Thinking About Thanksgiving

It’s Thanksgiving Day. I come from a New England family, Mayflower descendants even so Thanksgiving was always sort of “our” holiday. After we moved back to the States from Japan, where my father was stationed during the Korean War, he was mistakenly sent to Ft. Knox, KY and we were there Thanksgiving the year I was 8. While he waited for new orders, my dad was put in charge of the mess halls for reasons known only to the Army. We were to eat there with the troops but I got the mumps and so we missed that. I remember my mother learned from the mess hall cooks to cook the turkey in a paper bag that year. Other than that year, all of the Thanksgivings of my childhood blend together. 

Not being a big turkey lover, I confess I found it hard to wholeheartedly embrace the feast. It seemed to me to be mostly about me doing a huge amount of cooking for a meal that lasted only a fraction of the time it took to prepare — and then came the clean up. And I have felt growing ambivalence about the myths surrounding Thanksgiving, the myths that make my people the heroes and good guys and the Native Americans at best ignorant savages. 

My town was among the first in Maine to rename Columbus Day to Indigenous Peoples Day. And that movement has grown, not without pushback but slowly the change grows. It is time now to face the reality of Thanksgiving. 

The holiday arrives in the midst of a national struggle over racial justice, and a pandemic that has landed with particular force on marginalized communities of color. The crises have fueled an intense re-examination of the roots of persistent inequities in American life. NY Times

Against this background, I have been reflecting about how we do need a thanksgiving but one not so connected to our history of racial injustice.

Every day we are confronted with the horrible mounting death toll from this pandemic. As I write today, the toll is at 262,000 souls. And rising. It is unimaginable. I try to visualize the number — little lights all over the map going out one by one. In my small town, recently the woman who tended the garden in Post Office Square became one of those numbers. We all must live with the anxiety of knowing that this invisible force, this virus is everywhere in our lives. Many, hopefully most of us wear masks, avoid unnecessary trips outside of our homes, do whatever we can to protect ourselves and our loved ones. Many of us have forgone spending this holiday with family in order to avoid travel and the spread of infection. But millions have not heeded the warnings from public health officials. Still the death toll rises and likely there will be a spike around Christmas. To fully realize what is happening is to face into horror — so many people dead. So many people ill. A terrible toll exacted from doctors and nurses caring for the ill.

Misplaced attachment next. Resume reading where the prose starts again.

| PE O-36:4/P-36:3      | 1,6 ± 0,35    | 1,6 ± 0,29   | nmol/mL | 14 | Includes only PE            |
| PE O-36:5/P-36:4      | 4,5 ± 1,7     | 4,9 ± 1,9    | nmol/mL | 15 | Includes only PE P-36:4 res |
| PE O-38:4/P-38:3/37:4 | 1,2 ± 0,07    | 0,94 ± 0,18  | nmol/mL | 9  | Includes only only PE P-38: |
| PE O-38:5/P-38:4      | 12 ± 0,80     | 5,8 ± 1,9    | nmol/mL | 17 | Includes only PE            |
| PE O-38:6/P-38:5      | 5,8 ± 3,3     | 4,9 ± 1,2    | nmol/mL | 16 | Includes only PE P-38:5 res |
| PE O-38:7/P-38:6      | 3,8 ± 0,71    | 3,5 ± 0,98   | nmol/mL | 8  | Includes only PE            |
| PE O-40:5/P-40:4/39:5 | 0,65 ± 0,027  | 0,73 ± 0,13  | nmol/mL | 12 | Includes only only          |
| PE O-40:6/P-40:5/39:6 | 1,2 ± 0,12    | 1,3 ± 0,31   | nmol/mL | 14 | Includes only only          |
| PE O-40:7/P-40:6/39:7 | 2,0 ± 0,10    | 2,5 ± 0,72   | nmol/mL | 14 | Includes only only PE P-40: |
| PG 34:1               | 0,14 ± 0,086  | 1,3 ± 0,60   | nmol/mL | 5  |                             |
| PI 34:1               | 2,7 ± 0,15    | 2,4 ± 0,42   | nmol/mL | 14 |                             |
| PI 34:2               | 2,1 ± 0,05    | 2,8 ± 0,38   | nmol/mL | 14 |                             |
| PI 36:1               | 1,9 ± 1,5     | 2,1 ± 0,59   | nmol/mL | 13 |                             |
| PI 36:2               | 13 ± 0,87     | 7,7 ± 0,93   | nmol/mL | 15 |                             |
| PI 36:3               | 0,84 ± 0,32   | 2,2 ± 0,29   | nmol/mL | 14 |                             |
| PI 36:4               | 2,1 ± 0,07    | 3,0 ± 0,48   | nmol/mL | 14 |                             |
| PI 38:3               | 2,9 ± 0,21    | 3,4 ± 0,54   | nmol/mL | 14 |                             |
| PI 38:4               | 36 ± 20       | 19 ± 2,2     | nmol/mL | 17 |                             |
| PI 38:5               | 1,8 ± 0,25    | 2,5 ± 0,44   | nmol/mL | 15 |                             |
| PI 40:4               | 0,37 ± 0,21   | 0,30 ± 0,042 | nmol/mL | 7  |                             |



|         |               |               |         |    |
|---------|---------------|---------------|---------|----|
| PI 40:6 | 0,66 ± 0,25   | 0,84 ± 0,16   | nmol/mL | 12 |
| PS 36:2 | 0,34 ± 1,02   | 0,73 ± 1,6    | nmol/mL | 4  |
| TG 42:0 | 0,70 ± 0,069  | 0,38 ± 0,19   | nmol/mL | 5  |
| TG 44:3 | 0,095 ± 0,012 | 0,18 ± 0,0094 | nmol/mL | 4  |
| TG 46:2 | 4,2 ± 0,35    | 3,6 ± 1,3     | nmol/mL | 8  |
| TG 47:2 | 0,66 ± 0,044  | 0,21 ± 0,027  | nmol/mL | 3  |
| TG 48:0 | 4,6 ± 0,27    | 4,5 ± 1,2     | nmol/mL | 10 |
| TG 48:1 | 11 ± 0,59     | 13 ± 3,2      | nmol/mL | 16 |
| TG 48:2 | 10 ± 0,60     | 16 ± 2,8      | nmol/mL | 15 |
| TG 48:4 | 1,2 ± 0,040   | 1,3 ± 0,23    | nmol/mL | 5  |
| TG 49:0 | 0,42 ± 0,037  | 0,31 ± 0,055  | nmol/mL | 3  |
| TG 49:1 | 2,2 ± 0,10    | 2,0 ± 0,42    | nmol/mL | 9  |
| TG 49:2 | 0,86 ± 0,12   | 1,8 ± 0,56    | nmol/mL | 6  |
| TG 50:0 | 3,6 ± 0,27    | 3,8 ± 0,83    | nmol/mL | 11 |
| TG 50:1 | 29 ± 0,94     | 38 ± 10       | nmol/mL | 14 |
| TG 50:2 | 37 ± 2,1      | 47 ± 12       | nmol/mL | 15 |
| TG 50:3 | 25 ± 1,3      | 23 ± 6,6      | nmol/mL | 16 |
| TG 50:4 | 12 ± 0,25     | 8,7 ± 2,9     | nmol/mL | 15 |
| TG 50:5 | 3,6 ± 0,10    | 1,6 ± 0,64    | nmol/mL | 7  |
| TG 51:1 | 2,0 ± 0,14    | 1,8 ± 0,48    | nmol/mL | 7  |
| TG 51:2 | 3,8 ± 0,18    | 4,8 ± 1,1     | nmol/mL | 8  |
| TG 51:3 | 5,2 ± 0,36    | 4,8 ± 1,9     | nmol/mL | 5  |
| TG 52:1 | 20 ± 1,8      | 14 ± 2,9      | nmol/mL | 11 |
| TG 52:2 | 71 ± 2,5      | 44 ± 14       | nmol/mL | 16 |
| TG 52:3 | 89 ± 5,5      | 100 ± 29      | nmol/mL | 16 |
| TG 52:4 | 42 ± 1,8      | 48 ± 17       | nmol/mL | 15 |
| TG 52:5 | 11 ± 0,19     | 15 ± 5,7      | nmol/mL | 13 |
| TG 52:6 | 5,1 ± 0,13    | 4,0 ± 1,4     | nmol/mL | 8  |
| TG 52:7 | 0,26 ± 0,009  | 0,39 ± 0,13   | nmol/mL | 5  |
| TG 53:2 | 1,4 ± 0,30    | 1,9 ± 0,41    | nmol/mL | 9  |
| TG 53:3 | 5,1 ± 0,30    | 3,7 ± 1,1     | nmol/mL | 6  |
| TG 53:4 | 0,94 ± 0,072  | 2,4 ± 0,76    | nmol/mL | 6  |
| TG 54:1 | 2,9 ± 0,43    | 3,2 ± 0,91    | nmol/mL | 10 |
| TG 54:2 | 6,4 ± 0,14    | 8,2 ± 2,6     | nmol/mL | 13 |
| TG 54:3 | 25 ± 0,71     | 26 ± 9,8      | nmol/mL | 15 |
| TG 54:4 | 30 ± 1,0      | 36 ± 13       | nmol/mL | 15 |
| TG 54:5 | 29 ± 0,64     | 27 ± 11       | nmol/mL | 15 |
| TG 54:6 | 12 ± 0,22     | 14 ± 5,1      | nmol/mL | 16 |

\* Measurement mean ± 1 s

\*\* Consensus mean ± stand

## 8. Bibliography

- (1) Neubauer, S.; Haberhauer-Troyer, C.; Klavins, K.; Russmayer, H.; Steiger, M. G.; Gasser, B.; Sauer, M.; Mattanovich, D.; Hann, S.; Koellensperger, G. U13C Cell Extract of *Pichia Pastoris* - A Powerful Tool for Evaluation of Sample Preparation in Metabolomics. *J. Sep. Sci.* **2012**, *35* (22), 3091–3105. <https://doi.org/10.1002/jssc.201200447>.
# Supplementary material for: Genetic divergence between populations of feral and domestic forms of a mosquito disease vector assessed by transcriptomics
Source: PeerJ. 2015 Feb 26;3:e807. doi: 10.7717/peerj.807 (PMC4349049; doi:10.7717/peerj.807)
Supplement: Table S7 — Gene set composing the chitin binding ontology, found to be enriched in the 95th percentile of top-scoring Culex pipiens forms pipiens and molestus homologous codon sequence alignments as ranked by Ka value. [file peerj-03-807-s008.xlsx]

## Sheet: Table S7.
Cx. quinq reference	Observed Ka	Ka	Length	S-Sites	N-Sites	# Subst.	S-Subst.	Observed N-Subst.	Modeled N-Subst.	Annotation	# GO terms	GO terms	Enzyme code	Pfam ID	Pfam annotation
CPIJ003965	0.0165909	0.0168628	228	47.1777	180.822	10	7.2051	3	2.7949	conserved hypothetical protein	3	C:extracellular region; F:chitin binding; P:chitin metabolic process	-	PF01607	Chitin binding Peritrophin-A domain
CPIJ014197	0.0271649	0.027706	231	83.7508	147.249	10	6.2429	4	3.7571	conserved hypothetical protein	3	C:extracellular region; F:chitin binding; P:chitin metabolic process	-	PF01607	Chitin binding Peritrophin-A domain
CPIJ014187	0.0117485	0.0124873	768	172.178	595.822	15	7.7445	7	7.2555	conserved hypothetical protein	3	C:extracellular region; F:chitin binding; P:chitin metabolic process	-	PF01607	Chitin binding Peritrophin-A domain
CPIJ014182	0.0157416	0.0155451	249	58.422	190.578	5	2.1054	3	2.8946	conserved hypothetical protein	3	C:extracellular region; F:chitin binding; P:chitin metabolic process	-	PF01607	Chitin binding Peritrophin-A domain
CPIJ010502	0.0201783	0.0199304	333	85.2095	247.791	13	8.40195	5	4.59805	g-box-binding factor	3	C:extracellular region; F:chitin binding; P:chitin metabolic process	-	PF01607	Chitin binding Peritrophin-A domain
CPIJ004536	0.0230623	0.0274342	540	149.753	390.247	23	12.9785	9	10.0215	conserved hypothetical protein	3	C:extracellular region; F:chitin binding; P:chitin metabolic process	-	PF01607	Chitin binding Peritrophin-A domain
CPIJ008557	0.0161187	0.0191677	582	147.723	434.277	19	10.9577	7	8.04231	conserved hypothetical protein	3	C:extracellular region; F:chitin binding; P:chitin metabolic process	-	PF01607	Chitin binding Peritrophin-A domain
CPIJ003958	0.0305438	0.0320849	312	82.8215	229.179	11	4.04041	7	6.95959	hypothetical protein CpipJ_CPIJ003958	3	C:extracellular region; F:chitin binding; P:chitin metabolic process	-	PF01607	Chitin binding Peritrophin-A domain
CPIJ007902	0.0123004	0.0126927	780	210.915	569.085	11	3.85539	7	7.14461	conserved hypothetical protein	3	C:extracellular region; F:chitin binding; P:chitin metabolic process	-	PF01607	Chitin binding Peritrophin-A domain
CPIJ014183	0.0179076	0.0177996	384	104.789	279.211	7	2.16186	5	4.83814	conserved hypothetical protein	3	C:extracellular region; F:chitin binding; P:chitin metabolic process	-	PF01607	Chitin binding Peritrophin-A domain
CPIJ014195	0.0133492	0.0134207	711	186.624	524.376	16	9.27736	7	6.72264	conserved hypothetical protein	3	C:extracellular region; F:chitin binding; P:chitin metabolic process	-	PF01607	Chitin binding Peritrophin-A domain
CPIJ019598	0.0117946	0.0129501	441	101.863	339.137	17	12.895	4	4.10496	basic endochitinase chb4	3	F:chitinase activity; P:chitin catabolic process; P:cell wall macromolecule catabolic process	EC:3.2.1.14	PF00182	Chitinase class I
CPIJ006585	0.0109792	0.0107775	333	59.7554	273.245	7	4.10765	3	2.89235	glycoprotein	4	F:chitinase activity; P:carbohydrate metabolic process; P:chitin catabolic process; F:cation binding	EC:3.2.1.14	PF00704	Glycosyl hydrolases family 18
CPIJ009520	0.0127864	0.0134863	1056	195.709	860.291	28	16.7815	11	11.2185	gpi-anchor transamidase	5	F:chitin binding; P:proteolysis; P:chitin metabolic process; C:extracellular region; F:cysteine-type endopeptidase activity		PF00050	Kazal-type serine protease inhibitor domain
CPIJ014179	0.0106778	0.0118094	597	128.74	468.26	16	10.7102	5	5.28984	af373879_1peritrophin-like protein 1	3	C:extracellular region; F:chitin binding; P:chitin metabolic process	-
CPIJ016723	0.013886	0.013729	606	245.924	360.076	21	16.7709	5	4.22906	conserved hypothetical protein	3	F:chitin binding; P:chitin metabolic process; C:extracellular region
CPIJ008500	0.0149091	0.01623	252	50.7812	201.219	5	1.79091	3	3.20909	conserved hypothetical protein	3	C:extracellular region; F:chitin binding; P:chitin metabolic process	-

It came to me the other day what we might do at the end of this, maybe a year from now if the effort to vaccinate everyone has succeeded and we enter a recovery period. When the crisis has ended, I feel we will need two events to mark what we have passed through: first a National Day of Mourning to publicly acknowledge our dead and our grief. And then a day of Thanksgiving that we survived, we passed through this terrible time. 

I am just one person living in a small town in Maine. I have no idea how to bring these events into existence. By writing this, by linking to it on FaceBook and Twitter, maybe enough of you will share my idea and maybe we can together actually make it happen. Feel free to share the link with anyone you believe might be interested. Please share your feelings and thoughts in the comments below.

Be Still My Heart

What was rumored a few weeks ago is becoming a reality — In Treatment Season 4! Uzo Aduba (Emmy® winner for “Mrs. America” and “Orange is the New Black”) will play the lead role of the therapist at the center of the season, Dr. Brooke Lawrence.

Back in 2008 when the series first ran and this site was new, I became a big fan and wrote about each episode as it ran. You can find these posts still by selecting In Treatment above and choosing the season you wish to read about. If you haven’t seen this series, I urge you to do so — it is available on DVD and if you subscribe to HBO Max, is available there. And of course, do read my posts and ask questions and comment — more discussion is welcome.